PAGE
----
The human immune system is comprised of numerous different cells that interact to protect the body from viruses and microorganisms, as well as cancer. The strength and efficiency of our immune system becomes obvious when something goes wrong; immunodeficiency and autoimmune diseases are often serious and sometimes deadly conditions.
Dr Yenan Bryceson at the Department of Medicine, Karolinska Institutet, and Adjunct Professor at the Department of Internal Medicine, University of Bergen, studies genetic defects that affect the functioning of two lymphocytes: cytotoxic T cells and natural killer cells. Both of these have the task of recognizing and killing infected cells and cancer cells. They also control the activity of other cells in the immune system, ensuring they are not overactive. Bryceson’s aim is to understand the molecular mechanisms that regulate the lymphocytes and how genetic defects can disrupt the lymphocytes’ normal functioning.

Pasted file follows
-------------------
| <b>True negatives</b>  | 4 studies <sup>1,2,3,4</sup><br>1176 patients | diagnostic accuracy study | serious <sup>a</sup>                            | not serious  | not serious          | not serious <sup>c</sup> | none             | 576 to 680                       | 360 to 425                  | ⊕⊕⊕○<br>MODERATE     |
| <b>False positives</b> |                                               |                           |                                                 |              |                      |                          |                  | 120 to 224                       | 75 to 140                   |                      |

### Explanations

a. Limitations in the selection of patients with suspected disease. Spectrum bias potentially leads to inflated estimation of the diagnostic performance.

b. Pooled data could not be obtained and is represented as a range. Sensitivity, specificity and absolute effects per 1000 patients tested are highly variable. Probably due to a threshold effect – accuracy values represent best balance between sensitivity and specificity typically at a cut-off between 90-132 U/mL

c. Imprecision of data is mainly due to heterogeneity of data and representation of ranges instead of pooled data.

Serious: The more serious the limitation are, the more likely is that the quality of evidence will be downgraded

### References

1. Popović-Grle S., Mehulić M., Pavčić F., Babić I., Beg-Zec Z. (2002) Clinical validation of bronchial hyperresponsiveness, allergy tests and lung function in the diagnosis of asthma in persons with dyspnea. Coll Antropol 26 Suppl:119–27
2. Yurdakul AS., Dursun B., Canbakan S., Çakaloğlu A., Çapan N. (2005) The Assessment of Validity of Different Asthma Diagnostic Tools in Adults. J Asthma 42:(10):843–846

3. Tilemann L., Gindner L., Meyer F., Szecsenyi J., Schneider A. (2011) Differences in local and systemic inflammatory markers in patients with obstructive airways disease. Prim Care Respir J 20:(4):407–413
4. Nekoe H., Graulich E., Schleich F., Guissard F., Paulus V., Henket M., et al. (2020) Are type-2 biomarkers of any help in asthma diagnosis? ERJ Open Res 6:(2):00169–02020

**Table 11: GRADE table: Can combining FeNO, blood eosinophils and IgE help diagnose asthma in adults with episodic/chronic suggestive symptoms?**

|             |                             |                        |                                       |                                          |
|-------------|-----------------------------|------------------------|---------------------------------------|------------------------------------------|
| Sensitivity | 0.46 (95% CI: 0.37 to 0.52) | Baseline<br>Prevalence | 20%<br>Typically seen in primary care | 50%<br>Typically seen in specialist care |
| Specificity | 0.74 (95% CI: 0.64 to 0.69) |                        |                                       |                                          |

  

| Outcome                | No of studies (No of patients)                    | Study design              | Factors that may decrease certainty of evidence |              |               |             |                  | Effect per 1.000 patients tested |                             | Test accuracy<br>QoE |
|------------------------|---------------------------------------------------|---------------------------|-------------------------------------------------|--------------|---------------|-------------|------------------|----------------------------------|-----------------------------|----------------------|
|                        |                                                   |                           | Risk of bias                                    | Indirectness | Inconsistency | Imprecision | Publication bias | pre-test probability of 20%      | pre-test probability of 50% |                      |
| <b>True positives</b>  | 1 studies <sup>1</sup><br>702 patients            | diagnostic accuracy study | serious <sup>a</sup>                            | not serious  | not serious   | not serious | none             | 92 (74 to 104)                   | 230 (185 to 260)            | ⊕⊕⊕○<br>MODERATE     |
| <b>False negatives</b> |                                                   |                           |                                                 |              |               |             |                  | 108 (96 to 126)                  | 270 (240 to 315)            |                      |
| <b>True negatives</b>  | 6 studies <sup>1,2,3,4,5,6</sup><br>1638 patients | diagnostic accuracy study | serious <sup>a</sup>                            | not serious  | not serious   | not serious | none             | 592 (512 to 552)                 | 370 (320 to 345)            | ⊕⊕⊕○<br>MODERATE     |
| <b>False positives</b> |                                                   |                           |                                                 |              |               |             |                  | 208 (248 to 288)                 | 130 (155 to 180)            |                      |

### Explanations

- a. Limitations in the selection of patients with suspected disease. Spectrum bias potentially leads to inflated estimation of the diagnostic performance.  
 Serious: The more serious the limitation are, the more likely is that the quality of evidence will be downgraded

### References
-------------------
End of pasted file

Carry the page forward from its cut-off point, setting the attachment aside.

The knowledge generated by the project will be used by Yenan Bryceson to develop sensitive diagnostic methods for diseases that are linked to these lymphocytes. The hope is that this also results in better treatment methods.
Photo: Jenny Mjösberg